The nonsensical obstructions to historical research that Indian governments prefer to maintain lend real importance to the new release of Top Secret files that the British Security Services, MI5, kept on Krishna Menon. These documents do more than provide insight into his personal and political activities; they show how powerfully he agitated the Western powers. Krishna Menon was one of several nationalists with suspected Communist connections—others included the Africans Jomo Kenyatta and Kwame Nkrumah, whom the British Security Services placed under close surveillance—and the Menon files so far released cover a crucial period that stretches from the early 1930s to the mid-1950s. Krishna Menon’s letters were intercepted, his phone was subject to checks, and information was gleaned from a variety of intelligence sources—including some located in the Indian high commission. The details gathered in these files lay to rest some suspicions that have hovered around Krishna Menon for decades, while they confirm his psychological flaws, controversial financial dealings, and leftist associations.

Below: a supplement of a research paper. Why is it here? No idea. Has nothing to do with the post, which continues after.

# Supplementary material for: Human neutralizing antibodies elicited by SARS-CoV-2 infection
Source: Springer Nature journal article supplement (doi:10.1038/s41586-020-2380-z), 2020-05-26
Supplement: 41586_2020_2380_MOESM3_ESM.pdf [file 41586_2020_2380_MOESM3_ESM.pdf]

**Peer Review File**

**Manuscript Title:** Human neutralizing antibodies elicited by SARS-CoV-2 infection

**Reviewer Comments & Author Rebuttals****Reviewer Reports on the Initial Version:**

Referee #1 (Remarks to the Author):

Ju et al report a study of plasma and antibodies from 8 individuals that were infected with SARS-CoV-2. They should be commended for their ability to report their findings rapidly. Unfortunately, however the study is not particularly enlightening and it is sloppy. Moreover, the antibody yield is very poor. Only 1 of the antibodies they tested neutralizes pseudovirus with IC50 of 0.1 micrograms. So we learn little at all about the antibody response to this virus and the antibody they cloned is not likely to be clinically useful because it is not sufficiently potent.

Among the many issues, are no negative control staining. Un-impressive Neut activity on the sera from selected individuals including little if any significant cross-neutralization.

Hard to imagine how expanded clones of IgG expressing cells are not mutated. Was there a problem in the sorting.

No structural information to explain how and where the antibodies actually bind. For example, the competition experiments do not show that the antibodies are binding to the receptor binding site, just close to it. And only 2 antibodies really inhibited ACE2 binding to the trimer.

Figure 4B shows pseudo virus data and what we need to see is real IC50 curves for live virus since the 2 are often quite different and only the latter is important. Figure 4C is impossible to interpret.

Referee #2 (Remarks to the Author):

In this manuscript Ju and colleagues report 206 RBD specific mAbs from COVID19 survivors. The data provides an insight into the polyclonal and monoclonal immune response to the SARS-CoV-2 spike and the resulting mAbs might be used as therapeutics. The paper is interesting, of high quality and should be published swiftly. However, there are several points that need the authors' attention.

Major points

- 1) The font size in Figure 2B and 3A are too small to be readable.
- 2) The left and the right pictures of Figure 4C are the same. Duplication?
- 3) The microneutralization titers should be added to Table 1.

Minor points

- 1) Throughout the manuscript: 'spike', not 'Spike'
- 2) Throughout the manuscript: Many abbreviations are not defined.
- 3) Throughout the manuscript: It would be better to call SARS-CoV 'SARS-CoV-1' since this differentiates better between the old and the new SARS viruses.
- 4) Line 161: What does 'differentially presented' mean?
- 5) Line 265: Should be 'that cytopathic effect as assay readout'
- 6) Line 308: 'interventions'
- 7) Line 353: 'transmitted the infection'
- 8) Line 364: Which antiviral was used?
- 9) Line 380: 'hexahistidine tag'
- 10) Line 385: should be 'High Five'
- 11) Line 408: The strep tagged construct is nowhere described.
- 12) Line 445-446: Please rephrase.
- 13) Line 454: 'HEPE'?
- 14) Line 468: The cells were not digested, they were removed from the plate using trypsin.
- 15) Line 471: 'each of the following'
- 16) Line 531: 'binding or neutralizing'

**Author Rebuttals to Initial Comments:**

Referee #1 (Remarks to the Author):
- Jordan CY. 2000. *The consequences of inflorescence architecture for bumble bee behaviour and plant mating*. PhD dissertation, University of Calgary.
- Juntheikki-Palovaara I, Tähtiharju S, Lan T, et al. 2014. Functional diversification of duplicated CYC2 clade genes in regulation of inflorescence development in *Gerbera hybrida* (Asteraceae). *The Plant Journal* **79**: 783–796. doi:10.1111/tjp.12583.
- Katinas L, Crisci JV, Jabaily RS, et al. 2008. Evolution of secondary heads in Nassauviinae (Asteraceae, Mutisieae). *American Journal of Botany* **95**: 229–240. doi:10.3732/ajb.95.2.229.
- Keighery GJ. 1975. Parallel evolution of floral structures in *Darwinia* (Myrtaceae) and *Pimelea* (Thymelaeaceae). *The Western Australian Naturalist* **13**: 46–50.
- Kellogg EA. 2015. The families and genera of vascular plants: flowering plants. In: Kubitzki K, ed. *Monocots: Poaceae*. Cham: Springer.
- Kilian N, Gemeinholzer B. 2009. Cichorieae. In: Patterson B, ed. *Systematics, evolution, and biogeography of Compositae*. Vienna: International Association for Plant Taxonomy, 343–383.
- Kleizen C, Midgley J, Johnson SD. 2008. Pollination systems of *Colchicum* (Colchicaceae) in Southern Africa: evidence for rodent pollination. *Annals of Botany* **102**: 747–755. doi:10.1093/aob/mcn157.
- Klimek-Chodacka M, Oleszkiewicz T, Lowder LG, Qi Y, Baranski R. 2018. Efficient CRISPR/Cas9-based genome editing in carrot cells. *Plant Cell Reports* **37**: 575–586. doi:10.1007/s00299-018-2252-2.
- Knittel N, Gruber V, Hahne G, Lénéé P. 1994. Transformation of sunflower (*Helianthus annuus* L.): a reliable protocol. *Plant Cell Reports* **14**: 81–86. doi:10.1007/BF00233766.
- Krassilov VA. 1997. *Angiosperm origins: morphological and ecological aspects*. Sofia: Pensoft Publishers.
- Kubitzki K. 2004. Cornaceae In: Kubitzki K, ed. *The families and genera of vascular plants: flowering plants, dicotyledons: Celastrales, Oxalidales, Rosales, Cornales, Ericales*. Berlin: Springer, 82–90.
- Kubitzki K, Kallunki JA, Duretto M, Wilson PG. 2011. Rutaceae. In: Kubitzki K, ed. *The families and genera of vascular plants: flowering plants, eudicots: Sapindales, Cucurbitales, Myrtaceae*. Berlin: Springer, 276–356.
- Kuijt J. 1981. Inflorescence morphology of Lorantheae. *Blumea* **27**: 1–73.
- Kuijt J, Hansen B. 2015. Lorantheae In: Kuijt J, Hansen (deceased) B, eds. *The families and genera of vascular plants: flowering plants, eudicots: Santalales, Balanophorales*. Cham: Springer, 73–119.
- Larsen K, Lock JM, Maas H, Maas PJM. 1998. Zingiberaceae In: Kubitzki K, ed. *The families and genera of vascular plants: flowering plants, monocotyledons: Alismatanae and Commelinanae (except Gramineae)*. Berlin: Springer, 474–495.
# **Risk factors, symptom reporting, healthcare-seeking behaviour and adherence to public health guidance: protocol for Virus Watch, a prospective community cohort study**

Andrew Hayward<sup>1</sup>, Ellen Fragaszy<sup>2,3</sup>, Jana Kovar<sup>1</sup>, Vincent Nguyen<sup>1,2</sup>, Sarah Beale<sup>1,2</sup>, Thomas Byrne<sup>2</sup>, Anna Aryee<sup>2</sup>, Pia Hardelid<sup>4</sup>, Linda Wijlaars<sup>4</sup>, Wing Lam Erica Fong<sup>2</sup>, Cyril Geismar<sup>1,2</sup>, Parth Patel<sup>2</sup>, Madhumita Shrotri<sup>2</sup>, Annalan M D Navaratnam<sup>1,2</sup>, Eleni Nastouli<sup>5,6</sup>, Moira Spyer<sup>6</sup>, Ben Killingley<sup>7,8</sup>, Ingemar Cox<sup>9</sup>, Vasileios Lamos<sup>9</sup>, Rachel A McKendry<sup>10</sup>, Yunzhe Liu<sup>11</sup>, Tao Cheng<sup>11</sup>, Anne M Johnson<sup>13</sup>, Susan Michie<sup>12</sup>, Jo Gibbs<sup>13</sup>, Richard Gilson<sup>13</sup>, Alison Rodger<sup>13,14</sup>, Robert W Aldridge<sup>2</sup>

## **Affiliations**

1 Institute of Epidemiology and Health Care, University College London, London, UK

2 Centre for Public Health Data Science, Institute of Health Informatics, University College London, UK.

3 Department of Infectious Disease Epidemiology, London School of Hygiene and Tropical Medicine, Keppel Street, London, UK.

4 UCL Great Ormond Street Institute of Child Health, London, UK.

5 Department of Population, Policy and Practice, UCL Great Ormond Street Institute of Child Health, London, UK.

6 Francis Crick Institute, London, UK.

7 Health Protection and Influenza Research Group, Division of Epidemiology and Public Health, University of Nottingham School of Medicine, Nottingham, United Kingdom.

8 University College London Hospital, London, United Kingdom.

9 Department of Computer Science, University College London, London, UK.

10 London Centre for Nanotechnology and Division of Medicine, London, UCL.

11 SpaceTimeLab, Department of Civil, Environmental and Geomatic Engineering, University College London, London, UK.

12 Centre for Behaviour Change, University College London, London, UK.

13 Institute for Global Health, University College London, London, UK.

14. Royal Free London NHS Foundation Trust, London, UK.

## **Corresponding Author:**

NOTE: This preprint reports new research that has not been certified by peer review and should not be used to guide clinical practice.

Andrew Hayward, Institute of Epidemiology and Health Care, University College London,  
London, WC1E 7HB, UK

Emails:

MI5 kept Krishna Menon under surveillance primarily because they feared his Communist links, both before and after Independence. The files show that in the decade before 1947 he was a frequent visitor to the offices of the Communist Party in London’s King Street and he was often on the phone to Communist leaders like Harry Pollitt and Ted Bramley. However, MI5 was satisfied that Menon was never a Party member. But his nationalist political activities sufficiently unsettled the security services that they tried, unsuccessfully, to get Krishna Menon called up for National Service—as a way of stopping his nationalist political activities. After the war, and even after Independence, Menon remained an object of close scrutiny, and MI5 widened its surveillance to Menon’s commercial dealings, and the contracts he placed for Indian military supplies.